To simplify, for the protection CT given in example, the ratio error is less than 5% at 10 In , if the real load consumes 15 VA at In. However these data are not sufficient. Also, it is useful to know the standard values.

Example of the nameplate of a current transformer with two secondaries
Figure 1 – Example of the nameplate of a current transformer with two secondaries

12 definitions related to current transformers //

≡ Rated (nominal) primary current I1

Defined by standards, it is chosen from the discrete values: 10 – 12.5 – 15 – 20 – 25 – 30 – 40 – 50 – 60 – 75 A and their decimal multiples.

≡ Rated (nominal) secondary current I2

Equals 1A or 5 A.

≡ Ratio (I1 / I2)

The primary and secondary currents are standard, thus these values are discrete. (Learn more about ratios of magnetic HV instrument current transformers – Here)

≡ Accuracy load

Load value on which the accuracy conditions are based.

≡ Rated (nominal) accuracy power Pn

Expressed in VA, it is the apparent power supplied to the secondary circuit for the nominal (rated) secondary current and the accuracy load. The standard values are: 1 – 2.5 – 5 – 10 – 15 – 30 VA.

≡ Real power Pr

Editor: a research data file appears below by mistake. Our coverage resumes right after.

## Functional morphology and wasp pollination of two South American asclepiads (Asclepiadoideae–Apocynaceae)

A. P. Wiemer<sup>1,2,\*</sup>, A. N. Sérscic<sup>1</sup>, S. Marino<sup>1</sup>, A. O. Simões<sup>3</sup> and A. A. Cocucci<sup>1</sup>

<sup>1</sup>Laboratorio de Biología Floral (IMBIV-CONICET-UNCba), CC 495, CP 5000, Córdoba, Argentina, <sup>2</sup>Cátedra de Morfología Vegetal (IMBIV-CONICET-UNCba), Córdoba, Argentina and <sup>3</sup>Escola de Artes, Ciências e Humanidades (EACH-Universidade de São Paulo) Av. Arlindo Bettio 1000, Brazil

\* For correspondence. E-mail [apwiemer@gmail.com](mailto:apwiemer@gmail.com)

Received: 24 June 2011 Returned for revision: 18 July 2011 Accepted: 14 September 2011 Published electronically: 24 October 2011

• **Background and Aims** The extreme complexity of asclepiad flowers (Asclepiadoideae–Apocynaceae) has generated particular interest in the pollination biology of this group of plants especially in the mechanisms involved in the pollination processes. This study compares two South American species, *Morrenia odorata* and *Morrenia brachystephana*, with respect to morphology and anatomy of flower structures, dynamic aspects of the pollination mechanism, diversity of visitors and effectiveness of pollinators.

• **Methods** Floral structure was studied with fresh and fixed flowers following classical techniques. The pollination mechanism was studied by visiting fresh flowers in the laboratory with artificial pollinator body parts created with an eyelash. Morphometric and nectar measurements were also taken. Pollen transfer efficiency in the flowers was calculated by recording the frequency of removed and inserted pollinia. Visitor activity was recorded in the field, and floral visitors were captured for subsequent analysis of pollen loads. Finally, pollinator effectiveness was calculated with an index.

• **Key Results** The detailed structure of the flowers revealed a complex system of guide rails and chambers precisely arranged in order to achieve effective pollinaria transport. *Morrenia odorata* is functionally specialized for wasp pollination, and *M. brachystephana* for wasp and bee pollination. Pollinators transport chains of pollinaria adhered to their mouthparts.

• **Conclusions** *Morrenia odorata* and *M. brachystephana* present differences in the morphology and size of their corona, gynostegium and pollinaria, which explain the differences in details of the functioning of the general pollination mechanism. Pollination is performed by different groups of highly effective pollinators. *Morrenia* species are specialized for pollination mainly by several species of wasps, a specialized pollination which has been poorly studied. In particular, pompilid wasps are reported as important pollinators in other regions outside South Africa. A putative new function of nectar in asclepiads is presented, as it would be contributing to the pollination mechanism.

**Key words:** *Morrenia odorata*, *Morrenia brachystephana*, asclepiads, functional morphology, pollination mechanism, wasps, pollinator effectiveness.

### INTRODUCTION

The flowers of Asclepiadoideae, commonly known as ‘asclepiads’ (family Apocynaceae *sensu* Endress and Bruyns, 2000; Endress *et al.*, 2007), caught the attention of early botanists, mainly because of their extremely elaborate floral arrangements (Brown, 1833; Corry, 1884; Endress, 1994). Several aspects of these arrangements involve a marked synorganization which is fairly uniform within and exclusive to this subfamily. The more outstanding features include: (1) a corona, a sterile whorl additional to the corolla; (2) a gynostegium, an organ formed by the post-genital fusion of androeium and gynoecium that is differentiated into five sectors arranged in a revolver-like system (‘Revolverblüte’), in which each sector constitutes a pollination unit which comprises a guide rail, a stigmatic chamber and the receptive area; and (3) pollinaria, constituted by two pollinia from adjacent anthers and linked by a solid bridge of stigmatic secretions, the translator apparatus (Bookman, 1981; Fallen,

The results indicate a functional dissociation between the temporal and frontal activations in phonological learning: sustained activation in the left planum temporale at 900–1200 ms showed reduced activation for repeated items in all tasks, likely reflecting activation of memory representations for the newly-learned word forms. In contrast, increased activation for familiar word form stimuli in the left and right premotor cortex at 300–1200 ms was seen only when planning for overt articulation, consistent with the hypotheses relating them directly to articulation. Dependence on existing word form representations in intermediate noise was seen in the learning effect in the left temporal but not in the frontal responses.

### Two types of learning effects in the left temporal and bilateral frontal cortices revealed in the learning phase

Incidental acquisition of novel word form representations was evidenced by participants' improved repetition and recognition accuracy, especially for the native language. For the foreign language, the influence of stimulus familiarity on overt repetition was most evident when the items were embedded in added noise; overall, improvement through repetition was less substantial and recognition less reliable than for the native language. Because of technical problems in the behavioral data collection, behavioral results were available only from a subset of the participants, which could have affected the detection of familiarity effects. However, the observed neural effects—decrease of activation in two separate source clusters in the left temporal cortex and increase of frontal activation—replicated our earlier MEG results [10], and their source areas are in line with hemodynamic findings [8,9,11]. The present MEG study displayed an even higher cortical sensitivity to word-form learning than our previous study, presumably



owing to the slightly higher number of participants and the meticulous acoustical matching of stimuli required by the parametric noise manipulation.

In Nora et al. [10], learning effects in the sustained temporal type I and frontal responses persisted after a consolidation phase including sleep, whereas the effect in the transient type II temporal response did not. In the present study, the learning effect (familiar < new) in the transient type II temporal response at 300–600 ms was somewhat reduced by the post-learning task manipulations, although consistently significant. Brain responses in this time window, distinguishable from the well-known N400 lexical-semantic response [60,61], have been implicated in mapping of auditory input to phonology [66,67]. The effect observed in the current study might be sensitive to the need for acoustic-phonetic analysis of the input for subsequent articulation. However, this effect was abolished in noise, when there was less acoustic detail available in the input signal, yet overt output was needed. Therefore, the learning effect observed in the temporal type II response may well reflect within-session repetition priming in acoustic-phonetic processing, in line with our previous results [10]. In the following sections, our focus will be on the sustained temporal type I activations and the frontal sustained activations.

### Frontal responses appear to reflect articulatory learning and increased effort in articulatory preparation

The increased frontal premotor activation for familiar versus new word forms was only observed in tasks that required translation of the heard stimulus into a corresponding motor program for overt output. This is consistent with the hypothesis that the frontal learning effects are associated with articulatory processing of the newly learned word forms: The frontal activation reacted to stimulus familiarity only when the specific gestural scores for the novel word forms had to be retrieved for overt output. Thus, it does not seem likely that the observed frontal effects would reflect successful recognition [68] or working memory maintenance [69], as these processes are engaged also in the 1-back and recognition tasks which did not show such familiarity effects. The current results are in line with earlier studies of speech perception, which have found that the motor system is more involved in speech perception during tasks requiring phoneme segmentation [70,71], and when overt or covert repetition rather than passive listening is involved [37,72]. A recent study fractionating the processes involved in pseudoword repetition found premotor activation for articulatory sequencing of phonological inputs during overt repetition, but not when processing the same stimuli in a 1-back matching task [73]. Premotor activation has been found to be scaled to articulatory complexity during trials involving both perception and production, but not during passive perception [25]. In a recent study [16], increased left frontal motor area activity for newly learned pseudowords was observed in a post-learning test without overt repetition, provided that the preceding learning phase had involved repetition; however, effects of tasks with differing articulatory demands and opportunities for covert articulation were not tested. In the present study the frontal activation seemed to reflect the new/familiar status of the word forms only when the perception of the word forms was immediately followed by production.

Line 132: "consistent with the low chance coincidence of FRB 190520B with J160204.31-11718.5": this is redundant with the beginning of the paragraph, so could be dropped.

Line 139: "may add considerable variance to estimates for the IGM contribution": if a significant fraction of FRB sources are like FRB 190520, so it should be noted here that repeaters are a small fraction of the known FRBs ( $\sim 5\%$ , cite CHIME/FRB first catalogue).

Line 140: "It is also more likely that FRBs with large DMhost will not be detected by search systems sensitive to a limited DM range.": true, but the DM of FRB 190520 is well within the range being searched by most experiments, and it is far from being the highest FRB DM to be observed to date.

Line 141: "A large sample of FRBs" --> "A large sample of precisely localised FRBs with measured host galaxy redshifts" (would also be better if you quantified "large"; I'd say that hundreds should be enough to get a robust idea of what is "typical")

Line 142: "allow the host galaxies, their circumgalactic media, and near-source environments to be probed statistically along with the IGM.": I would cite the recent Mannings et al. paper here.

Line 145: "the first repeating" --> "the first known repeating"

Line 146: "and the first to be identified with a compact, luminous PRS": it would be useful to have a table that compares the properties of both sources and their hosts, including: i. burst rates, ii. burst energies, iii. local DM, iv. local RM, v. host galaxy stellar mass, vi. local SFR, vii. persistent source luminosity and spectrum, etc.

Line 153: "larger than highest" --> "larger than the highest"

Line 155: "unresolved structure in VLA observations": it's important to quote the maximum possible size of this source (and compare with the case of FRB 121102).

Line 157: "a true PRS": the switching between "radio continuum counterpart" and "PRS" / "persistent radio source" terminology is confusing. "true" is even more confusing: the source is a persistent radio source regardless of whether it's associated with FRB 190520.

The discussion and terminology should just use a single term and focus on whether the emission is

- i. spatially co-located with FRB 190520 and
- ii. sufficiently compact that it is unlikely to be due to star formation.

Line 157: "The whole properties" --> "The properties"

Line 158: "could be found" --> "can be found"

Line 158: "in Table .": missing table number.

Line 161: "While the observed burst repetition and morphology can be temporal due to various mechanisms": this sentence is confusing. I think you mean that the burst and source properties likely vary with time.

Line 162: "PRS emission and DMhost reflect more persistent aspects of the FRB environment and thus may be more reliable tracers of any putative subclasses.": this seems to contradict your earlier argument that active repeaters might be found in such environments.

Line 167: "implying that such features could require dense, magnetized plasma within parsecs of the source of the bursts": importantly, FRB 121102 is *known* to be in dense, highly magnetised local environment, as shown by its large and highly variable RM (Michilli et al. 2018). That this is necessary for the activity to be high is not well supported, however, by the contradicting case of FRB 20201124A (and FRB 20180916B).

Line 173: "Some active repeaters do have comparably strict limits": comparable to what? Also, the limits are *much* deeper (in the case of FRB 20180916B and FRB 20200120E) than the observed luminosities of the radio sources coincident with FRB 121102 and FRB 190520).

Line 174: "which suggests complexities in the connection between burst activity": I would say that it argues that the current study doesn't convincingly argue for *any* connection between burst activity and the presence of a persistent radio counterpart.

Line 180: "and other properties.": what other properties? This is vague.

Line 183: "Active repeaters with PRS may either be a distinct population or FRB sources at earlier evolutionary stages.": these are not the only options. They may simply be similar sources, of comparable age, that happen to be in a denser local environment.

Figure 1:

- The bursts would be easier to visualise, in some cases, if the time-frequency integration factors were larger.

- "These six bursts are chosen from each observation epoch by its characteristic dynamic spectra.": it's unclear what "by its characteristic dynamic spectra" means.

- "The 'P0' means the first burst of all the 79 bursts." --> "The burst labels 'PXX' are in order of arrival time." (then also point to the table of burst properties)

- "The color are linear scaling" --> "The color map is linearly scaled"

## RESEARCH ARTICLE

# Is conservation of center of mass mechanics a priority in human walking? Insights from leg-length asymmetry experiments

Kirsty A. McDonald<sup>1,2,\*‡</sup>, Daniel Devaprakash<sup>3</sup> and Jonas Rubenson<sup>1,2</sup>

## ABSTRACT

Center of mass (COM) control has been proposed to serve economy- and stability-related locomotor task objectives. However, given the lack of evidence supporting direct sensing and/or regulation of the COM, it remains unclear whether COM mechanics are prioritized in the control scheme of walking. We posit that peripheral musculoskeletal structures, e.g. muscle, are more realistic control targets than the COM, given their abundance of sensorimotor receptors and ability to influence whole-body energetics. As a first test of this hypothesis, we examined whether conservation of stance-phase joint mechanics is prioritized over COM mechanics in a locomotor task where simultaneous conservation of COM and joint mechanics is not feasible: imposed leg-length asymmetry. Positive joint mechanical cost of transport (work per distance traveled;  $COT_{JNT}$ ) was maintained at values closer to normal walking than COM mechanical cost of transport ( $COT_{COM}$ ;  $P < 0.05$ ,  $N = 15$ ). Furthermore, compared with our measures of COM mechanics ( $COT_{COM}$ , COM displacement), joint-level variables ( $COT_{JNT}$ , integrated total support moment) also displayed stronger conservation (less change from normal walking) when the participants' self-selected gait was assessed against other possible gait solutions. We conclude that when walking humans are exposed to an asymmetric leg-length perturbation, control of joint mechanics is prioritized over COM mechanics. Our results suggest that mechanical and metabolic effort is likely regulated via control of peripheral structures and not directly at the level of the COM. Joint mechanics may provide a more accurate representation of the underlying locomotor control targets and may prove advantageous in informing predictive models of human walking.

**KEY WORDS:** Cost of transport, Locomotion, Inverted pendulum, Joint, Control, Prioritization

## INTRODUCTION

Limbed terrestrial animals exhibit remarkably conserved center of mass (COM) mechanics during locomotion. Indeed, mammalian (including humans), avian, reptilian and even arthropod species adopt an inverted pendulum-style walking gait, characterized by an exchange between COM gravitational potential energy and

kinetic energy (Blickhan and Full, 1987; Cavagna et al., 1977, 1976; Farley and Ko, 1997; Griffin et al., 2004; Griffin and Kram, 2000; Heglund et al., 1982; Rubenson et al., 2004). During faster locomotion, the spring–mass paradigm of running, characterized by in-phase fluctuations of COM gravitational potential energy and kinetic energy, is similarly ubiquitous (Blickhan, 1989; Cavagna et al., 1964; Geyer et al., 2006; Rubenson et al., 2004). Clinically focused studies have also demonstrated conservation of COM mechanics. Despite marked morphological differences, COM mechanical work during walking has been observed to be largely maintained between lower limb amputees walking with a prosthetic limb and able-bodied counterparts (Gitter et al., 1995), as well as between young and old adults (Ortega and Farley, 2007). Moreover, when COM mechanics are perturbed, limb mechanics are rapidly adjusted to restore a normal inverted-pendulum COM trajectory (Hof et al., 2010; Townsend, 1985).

In this technical article, it is the power corresponding to the real load consumption of the CT at In.

≡ Accuracy class

This class defines the error limits guaranteed on the ratio and on the phase shift in specified power and current conditions. For the nominal 5P and 10P classes, the table in figure 6 defines these limits.

Figure 2 // Errors on the module and the phase at nominal current
(according to standard IEC 60044-1)

Accuracy classCurrent error for
the nominal current as a %
Phase shift for the nominal currentComposite errors for the accuracy limit current as a %
5P± 1± 60± 1.85
10P± 310

≡ Special accuracy class

Class X is a class defined by British standard BS 3938. It must also be defined in the future standard IEC 60044-1 under the name of class PX. This class specifies the minimum value of the knee point voltage Vk of the CT.